Feedback Analysis and Recurrent Patterns
An analysis of a game's feedback loops can be used to identify structural strengths and flaws in its design. To create interesting and varied gameplay feedback is an important device, and most successful games incorporate two or more, but not that many more, feedback loops in its main structure. Structural flaws, or `bad smells' in analogy to software engineering, are constructions that are best avoided. If we take Risk again as our example, we can identify one of its problems from play experience: building as often as you can is an effective, almost dominant, strategy. To counter this strategy the game includes a a special rule preventing the players from building on more than three subsequent turns. Inspection of the feedback structure of the game suggests other ways of resolving the problem. Attacking feeds into a triple positive feedback structure (through territories, cards and continents), which is a strength of it its design, but apparently the feedback is not effective enough. Strengthening the feedback of territories will help only a little as building is part of the same feedback loop and will probably encourage the unwanted behavior. Either the feedback through cards or the feedback through continents needs to be improved. The card feedback loop involves two random factors: success of attack and the blind draw of the card itself. This makes the feedback unpredictable and very hard for the player to assess. In general, involving too much randomness in the same loop is best avoided, especially when this randomness affects different steps in the loop. It is very hard to balance and predict the feedback of such a loop, so reducing the randomness, for example by allowing the winner a pick of three open cards, will help a lot.
Alternatively the feedback through the capture of continents can be improved. The problem with this feedback is that it has a high return, is permanent, direct and fast: it is very obvious and will inspire strong reaction by opposing players, in other words it acts as a red flag. Combined with a relative high investment, it constitutes an effective but risky strategy. The strength and the obviousness of the feedback invites a strong negative feedback. This creates a feedback loop that is too crude: it is either on and going strong or it is off. Either the player succeeds in taking and keeping a continent and has a very good shot at winning, or the player is hit hard and loses what usually is a considerable investment. By making the feedback less strong, and perhaps increase the number of continents (or rather regions) for players to conquer, a more subtle feedback loop is created that will pay-out more often without unbalancing the game too much. (On the other hand, the game is called 'risk' for a reason, risk taking is an intended part of the game play. How much risk is suitable for this game is also a matter of taste.)
Looking at feedback structures in games, many recurrent patterns emerge. For example, both Monopoly and Risk share a similar structured, positive feedback loop that can be found in many other games as well. This pattern, which I call a Dynamic Engine, revolves around a source producing one type of resource, which can be converted to improve the source. The figure below depicts this elemental feedback pattern, using the generic names energy and upgrades for the two resources involved. In Monopoly these resources are money and property respectively, whereas in Risk these are armies and territories. The pattern can be found in many more games. In StarCraft the player invests minerals to build SUV units to mine more minerals.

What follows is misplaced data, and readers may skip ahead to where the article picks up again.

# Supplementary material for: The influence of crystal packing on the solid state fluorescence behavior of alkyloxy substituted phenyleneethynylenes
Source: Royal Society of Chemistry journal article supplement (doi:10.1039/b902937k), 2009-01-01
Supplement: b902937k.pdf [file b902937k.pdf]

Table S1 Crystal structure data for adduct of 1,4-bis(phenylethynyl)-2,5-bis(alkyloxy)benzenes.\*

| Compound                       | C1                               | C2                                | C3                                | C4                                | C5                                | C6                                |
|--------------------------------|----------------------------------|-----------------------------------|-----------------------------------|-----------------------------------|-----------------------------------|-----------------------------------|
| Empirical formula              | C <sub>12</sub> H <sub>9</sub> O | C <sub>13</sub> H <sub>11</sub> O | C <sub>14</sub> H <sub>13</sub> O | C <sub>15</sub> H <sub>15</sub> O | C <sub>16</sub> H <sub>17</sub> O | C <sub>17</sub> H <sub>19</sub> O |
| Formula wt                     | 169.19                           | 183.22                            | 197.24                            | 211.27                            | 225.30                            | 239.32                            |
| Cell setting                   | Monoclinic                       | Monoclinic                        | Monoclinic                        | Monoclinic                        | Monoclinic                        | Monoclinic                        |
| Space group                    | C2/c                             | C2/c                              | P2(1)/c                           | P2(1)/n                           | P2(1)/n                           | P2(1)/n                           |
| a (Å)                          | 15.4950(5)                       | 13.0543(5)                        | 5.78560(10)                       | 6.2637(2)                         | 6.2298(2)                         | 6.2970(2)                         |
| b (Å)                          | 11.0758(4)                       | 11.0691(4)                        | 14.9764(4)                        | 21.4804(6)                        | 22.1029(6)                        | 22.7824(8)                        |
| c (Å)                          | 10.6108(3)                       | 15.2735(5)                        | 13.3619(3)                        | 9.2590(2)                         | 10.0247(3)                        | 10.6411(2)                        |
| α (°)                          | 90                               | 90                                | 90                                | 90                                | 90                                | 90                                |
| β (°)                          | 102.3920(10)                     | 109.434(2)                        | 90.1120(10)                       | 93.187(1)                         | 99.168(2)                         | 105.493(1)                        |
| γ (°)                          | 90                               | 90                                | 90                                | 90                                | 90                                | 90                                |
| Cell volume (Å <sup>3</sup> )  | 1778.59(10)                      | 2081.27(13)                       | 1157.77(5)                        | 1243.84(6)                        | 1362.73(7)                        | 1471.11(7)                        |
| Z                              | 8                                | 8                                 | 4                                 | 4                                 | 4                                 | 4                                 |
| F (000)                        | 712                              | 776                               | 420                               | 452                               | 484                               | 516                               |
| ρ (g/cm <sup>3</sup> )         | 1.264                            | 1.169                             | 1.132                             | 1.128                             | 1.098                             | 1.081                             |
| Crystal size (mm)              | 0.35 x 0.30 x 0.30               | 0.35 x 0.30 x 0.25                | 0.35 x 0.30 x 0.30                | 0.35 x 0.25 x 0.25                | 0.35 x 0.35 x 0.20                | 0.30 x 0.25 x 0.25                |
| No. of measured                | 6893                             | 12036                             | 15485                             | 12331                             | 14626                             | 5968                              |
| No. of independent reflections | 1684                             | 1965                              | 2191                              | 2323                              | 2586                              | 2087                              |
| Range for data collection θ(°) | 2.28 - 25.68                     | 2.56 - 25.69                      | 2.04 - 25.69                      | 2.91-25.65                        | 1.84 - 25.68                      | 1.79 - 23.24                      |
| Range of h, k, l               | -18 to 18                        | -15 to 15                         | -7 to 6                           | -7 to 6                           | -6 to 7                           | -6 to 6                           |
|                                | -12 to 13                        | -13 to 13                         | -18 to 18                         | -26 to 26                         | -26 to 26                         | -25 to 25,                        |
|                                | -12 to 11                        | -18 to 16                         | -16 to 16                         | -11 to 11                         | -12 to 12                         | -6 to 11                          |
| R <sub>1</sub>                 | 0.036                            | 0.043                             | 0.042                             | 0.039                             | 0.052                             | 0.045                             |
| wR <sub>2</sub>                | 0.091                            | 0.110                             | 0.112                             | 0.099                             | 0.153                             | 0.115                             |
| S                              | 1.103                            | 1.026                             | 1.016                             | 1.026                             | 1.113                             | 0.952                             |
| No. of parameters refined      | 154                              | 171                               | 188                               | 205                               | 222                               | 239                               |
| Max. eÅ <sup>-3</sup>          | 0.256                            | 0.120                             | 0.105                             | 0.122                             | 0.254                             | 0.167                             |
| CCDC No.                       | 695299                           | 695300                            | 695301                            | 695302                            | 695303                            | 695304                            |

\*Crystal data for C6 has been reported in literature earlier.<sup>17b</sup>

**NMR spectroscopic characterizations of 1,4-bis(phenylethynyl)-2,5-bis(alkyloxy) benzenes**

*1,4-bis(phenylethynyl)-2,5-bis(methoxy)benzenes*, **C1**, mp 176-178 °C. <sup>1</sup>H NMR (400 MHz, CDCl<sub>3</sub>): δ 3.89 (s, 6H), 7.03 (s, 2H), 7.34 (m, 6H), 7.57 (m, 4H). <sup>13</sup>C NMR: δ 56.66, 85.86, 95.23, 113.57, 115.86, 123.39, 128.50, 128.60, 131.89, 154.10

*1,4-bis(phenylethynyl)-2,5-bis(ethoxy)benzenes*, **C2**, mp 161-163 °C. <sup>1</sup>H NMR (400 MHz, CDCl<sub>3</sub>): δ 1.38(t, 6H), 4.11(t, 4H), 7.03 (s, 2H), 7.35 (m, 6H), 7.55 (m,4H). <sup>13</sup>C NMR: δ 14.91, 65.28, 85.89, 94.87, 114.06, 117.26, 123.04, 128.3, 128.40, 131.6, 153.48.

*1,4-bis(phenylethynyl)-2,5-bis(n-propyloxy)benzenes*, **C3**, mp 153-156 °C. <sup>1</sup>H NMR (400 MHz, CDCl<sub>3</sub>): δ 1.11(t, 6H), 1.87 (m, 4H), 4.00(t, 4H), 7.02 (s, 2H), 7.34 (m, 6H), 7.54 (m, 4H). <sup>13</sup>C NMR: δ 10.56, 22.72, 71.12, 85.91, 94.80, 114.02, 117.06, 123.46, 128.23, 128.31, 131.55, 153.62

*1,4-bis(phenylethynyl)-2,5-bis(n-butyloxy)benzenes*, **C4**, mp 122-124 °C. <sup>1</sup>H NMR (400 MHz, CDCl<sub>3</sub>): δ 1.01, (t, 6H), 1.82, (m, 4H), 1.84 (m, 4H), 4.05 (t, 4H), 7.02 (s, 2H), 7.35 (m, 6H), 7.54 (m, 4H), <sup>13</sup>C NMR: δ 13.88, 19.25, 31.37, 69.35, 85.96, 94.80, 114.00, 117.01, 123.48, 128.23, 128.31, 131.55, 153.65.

Settlers of Catan has a more complicated implementation of this pattern, one where a player needs to build roads before that player can build villages, and where villages can be upgraded to cities. In this case the dynamic engine is also part of a Engine Building pattern.
A dynamic engine has a very typical gameplay signature. When play begins players will invest most of their energy in upgrades for a while. At a certain point, players start to use the energy elsewhere or, when that is the set goal for the game, simply collect it. When one plots the output of energy over time in a graph, this leads to a sharply cornered line (see figure below). This signature is recurrent in all games that use a dynamic engine, although it might be obscured by the randomness or nondeterministic behavior caused by other feedback structures. For example, with one strategy in StarCraft called 'turtling', players invest a lot in building their base, before starting to build an offensive force to attack the enemy. When these players start attacking their offensive output is usually quite large. In the opposite strategy, called the 'Zerg rush' after one of the game's playable factions, the players invest little in their base, instead they start building offensive units as fast as they can in a bid to overpower their opponents before they have built up adequate defense (see figure below). The effectiveness of the latter strategy depends on the speed of the attacking player, but also on the balance between offensive capabilities, defensive capabilities and the building costs of the units involved.
Strategies in Starcraft